Students Discuss Muslim-Christain Relationships at 2018 Ripple Conference
Updated: Jul 31, 2019
On Saturday morning over 30 students gathered together in the Numen Lumen Pavilion for their third interfaith session in the Ripple Conference to discuss one questions: How do students bridge the gap between different religions on campus?
With the crowd sitting in a circle in the middle of the Numen Lumen Sacred Space, students, faculty and staff listened as Elon First Year Misbah Chhotani talked about her experience being a Muslim involved with Christian groups on campus.
Getting involved with the Christian organization, Young Life, during her Junior year of high school, Chhotani decided to continue investing in the community during her time in college. She now spends time in both the Young Life and InterVarsity communities on campus.
She explained that getting involved with groups like this was awkward at first and felt out of place in the beginning.
“A lot of times, my friend's jaws would drop when they found out I was Muslim,” said Chhotani. “Their next questions would always be, why are you here?”.
Over time she built relationships and created friendships with those identifying with different religions. She said most of her friends on campus are Christian due to the fact that they all share very similar values and morals, making it easy for them to get along.
Chhotani said she has never received any negative comments or questions from students at Elon and feels loved and supported by her Christian friends. Although she feels accepted by the Elon community for her faith, she explained that being a Muslim at an American University has its challenges.
Audience members that identified as Muslim agreed that in the U.S., religion has to be something you make time for whereas, in their home countries (Saudi Arabia, Egypt and Pakistan), most activities are formed around their faith.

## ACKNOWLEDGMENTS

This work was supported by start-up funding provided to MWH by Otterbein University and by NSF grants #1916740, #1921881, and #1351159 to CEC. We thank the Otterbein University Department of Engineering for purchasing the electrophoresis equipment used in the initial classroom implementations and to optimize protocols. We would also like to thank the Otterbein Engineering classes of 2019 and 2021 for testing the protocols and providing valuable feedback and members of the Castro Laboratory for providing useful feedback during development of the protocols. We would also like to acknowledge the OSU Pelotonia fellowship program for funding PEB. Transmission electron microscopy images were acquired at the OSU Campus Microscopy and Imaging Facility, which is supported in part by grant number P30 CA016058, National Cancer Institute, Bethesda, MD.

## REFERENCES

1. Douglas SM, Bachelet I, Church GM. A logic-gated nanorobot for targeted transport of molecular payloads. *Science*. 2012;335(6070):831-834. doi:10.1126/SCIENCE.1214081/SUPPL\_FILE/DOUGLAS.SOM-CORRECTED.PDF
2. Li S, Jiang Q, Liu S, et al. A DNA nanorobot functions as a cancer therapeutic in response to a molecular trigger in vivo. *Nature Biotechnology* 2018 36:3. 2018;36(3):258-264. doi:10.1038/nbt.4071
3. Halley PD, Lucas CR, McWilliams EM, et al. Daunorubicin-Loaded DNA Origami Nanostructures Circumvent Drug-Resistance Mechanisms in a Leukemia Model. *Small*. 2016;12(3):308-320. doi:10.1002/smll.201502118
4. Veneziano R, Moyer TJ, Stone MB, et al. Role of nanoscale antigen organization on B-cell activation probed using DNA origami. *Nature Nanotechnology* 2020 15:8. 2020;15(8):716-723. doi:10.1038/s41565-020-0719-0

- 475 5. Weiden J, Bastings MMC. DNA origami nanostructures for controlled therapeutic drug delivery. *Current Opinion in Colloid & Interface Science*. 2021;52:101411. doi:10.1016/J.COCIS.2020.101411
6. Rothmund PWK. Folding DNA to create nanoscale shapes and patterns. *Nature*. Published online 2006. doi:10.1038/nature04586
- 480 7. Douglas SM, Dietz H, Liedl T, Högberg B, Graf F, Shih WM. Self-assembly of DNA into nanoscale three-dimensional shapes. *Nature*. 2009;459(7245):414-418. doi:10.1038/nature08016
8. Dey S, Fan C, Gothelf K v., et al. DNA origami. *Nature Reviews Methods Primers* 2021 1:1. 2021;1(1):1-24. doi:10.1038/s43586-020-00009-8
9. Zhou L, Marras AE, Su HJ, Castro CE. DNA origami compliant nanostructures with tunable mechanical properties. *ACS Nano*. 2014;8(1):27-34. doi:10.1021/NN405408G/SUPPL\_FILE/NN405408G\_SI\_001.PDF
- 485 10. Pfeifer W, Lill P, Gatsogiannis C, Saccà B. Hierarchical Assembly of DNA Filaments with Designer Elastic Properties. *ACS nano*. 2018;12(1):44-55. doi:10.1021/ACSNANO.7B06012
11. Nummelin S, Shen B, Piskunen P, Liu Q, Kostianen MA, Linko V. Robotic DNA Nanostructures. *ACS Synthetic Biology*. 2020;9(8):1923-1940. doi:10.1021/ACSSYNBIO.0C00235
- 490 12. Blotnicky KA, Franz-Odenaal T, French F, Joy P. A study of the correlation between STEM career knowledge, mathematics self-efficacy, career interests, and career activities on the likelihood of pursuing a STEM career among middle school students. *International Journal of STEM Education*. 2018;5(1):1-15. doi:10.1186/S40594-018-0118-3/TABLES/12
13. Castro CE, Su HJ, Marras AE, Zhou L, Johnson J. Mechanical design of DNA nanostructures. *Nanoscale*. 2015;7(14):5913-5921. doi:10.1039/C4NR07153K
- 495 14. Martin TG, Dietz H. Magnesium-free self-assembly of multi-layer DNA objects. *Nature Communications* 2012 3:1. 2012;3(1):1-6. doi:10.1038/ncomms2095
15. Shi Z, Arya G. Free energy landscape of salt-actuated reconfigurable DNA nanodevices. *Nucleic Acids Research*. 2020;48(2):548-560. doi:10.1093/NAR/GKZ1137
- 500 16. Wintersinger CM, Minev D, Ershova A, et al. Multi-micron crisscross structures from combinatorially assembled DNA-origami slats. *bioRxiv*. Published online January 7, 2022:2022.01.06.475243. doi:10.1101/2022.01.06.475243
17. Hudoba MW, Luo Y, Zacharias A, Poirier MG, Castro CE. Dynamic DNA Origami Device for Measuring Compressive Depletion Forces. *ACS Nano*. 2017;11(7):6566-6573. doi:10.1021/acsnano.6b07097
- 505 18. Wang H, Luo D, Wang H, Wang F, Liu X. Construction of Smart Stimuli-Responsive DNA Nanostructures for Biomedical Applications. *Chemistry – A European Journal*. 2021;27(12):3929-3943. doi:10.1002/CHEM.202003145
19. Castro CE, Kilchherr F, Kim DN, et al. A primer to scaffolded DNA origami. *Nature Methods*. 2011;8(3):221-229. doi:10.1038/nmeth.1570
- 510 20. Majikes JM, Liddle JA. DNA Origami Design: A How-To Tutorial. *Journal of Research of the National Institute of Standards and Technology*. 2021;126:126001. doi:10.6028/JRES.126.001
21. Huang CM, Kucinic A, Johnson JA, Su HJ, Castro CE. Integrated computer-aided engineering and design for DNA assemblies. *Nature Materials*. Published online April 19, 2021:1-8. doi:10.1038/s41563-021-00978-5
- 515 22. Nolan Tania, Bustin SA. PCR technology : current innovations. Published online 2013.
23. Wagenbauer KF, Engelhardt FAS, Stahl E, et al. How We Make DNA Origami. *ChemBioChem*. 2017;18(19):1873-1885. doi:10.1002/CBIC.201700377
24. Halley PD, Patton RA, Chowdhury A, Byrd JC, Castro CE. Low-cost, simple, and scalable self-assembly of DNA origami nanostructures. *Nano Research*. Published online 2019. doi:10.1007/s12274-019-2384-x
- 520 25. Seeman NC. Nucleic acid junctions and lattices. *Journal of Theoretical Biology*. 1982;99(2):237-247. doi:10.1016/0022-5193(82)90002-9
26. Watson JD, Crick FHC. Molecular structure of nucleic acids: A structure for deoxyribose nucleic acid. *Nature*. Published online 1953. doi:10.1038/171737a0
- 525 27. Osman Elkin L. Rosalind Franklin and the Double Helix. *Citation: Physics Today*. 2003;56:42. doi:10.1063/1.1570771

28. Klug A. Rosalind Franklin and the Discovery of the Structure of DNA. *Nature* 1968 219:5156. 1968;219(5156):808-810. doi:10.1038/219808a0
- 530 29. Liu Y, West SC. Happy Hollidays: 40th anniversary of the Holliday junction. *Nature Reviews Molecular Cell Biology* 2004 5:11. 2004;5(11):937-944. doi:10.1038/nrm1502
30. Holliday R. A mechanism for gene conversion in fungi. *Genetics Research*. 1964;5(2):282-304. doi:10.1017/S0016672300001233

Converse College student Khitma Nooran said the most challenging aspect of practicing her faith in college is praying five times a day while in class.
“All of my professors are very accepting of my need to pray,” Nooran explained, “It’s just frustrating having to leave in the middle of class, then come back five minutes later. It’s hard to live everyday life sometimes.”
Davidson Student Sanali Palmer agreed that making time to pray was challenging when living apart from her family.
“I had to explain to my Atheist roommate that I would be praying before the sun came up every day,” said Palmer. “She never understood why I had that need.”
The Muslim students all agreed that their quintessential challenge being Muslim in an American University was the food.
“While having to eat Halal food, the options are so limited on campus,” said Noorn. “The other day I only ate a biscuit for lunch and dinner.”
Queen's University student Muhammad Jibriel agreed that food is a major problem for him on campus, but more pressing than that is the fear he feels surrounding his religious identity.
“Sometimes I am scared to tell people that my name is Mohammed,” said Jibriel. “You just never know how people will react to you.”
Audience members spoke about the issues surrounding this type of religious profiling and came to the conclusion that it is the job of those in the religious majority to make minority groups feel heard.
“When I meet or see someone identifying with Islam, I always ask them, ‘Do you know that you are loved?’”, said a Queens University student. “As a Christian, I feel like it's my obligation to remind them that they are supported and welcomed here.”
When asked how those of other faiths should help foster Muslim relationships, Chhotani says it's not all about what those groups of people can be doing, but rather, the mentality that some Muslims have.
“A lot of people in my faith think they can’t be with Christian groups because they will try and convert them,” said Chhotani. “They need to have a more open mind to those relationships.”
“Call out Islamophobia when you see it, especially in family and friends,” added audience members. “It can be an awkward conversation, but it is so important to end that kind of talk.”
Other tips from the audience were to treat “humans as humans,” ask questions, engage in conversation and live life in relationship with students of different faiths.
Other resources for Muslum life on College Campuses: